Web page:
Northern California Cherry Blossom Fest: Japantown


From traditional Tea Ceremony to new pop culture, the Northern California Cherry Blossom Festival is one of the few places outside of Japan to see the breadth of Japanese Culture. We invite you to check out the many groups preforming, presenting and demonstrating their art at the festival. Here are some events that you might not know is taking place:


The Bonsai and Suiseki display at the 2016 Cherry Blossom Festival will take place the second weekend inside the Japanese Cultural Community Center of Northern California (JCCCNC) at 1840 Sutter St. Five organizations from the Bay Area — Bonsai Society of San Francisco, Marin Bonsai Club, Yamato Bonsai Kai, California Suiseki Society, and contributions from the Bonsai Garden at Lake Merritt—provide this special display. Bonsai is the centuries old art of cultivating a tree in a pot for display in the garden or, briefly, in the home. Early illustrations show this art in India, traveling to China and brought to a high level of beauty in Japan. From these beginnings, it has traveled throughout the world.


Ikebana is one of the most famed Japanese traditional arts, and traces its origin back hundreds of years. Ikebana was historically placed within the “tokonoma” alcove of the Japanese home. Now it is practiced in most of the contemporary world as an artistic decoration placed throughout the home. In its basic form, an Ikebana arrangement follows a fixed pattern: a triangle of three points representing Heaven, Earth and Human.  From there, many other guidelines are taught depending on the flower and branch material used.   Ikebana usually contains the foliage and flowers of the season at hand, used in their natural state, except when arrangers enhance the beauty with trimmings. All demonstrations and displays will be at the Japanese Cultural and Community Center of Northern California.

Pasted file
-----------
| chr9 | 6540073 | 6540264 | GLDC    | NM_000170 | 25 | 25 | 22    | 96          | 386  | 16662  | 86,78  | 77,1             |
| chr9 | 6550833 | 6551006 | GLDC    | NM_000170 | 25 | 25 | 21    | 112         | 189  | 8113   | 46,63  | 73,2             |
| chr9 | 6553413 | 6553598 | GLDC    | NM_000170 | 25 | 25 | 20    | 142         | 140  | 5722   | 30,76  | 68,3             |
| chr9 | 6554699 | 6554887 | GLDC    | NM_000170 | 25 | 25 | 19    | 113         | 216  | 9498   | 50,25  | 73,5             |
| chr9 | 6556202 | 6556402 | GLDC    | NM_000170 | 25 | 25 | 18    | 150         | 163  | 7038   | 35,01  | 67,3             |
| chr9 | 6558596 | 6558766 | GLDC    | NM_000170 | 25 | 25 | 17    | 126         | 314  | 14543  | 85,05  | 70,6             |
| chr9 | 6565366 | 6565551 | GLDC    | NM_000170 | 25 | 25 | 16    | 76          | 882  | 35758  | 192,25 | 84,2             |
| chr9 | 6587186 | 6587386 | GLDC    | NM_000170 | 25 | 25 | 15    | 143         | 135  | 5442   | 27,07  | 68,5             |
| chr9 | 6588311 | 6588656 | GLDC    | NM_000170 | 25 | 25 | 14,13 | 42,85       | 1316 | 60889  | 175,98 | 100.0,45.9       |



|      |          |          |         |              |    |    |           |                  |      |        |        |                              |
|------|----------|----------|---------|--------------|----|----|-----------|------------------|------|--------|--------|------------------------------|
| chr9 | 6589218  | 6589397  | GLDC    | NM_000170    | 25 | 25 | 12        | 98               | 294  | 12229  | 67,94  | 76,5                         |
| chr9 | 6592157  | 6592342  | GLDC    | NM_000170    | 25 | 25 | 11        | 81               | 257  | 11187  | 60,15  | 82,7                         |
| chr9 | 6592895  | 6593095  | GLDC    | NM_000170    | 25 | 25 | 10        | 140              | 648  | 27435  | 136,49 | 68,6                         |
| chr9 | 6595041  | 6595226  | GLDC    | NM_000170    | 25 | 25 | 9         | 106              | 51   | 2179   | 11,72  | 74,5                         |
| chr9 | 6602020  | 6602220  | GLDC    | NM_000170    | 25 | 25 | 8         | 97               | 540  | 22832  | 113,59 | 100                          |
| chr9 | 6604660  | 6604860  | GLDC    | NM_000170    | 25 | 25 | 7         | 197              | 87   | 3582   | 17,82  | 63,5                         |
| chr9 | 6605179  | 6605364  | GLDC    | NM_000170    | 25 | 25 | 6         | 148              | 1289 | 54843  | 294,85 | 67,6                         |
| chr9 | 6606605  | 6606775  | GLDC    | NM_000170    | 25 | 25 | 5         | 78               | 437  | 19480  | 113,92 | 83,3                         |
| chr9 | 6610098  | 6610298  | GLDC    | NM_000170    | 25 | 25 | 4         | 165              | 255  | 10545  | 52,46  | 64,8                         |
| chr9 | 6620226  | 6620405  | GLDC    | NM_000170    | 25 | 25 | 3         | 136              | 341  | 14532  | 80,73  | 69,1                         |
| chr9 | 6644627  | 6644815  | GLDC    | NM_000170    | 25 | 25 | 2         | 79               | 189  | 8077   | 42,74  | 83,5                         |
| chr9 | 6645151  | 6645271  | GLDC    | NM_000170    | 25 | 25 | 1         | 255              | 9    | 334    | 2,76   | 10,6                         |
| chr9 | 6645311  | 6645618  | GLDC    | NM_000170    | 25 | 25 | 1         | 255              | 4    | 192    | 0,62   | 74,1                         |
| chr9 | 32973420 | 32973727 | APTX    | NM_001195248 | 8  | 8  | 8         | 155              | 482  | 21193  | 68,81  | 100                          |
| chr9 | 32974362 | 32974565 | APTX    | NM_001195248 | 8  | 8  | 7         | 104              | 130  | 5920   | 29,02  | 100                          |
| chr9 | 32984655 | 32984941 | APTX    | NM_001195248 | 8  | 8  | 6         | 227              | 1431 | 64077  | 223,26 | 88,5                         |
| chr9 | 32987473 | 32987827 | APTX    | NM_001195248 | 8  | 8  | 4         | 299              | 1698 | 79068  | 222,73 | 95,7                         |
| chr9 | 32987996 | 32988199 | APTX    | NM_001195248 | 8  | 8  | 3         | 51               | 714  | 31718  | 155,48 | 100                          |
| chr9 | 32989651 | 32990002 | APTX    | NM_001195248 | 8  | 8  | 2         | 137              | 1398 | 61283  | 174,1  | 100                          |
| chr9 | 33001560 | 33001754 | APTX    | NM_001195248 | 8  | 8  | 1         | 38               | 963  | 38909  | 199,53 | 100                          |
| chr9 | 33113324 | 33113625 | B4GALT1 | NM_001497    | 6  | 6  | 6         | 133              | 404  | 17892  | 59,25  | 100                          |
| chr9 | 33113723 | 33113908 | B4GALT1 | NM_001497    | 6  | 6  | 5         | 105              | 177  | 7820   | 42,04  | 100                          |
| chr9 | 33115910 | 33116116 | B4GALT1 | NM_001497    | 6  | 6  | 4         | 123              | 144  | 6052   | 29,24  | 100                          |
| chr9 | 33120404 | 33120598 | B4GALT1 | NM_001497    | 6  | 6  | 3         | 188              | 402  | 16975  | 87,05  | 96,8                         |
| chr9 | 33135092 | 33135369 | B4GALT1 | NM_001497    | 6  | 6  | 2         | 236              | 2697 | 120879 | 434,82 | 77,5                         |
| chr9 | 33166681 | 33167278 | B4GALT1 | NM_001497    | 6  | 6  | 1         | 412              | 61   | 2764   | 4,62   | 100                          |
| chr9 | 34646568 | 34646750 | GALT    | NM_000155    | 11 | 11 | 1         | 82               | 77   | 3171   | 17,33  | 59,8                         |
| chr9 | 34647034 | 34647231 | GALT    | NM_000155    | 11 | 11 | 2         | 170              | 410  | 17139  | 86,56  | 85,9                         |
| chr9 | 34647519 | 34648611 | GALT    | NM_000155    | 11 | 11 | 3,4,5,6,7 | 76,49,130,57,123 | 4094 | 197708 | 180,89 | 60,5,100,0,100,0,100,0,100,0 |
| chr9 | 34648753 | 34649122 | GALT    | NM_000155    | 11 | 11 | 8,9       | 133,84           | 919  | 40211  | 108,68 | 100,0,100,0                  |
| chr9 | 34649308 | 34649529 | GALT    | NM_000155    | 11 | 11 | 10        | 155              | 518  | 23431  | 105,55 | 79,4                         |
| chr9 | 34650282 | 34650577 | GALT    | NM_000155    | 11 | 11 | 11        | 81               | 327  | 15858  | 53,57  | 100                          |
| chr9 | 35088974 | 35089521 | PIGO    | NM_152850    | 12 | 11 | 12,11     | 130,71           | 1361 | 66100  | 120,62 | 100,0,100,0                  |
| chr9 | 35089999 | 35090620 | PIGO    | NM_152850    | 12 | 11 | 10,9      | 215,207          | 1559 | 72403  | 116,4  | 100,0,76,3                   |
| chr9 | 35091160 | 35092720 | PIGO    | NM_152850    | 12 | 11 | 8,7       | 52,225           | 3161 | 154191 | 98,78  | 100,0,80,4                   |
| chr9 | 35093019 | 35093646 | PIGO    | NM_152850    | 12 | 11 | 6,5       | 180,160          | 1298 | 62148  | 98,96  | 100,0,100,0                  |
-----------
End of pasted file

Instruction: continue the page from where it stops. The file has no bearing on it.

The Northern California Cherry Blossom food area every year is a crowd favorite. The block long area located on Webster Street between Post and Sutter is uniquely run solely by non-profit organizations. You can find the best of Japanese outdoor festival food prepared by heart of the Japanese community organizations. All proceeds benefit each organization.


Miyabikai displays their dolls every year at the festival. Miyabikai is a club which holdsworkshops on a style of Japanese doll making called kimekomi. Kimekomi means pushing fabric into grooves of a wooden doll form. The members are comprised of instructors and students who enjoy Japanese kimekomi doll making. Mataro doll is a type of kimekomi dolls. These dolls are the product of the Edo period (1600-1867) and have a history of more than 300 years. Our instructors are certified by the Mataro Academy in Tokyo, Japan. The group includes people located in the San Francisco Bay Area and the Sacramento area who enjoy making kimekomi dolls in the Mataro style. We make, teach the techniques of making, and share their dolls by displaying them at during the Northern California Cherry Blossom Festival. The Mataro doll displays is on the 2nd weekend of the festival at the Union Bank Community Room, 1F Japan Center East Mall.


Always regarded as sacred, the taiko drum was first used to ward away evil spirits and pests harmful to crops. It was believed that the rain spirit would be forced into action if one imitated the sound of thunder during times of drought. The taiko was joyfully beaten to express thanks for a bountiful crop during harvest. Today, a cultural renaissance has taken place in Japan, leading to a rediscovery of native arts. Taiko enthusiasts have popularized and revolutionized the art around the world.

Posted by: Rebecca White on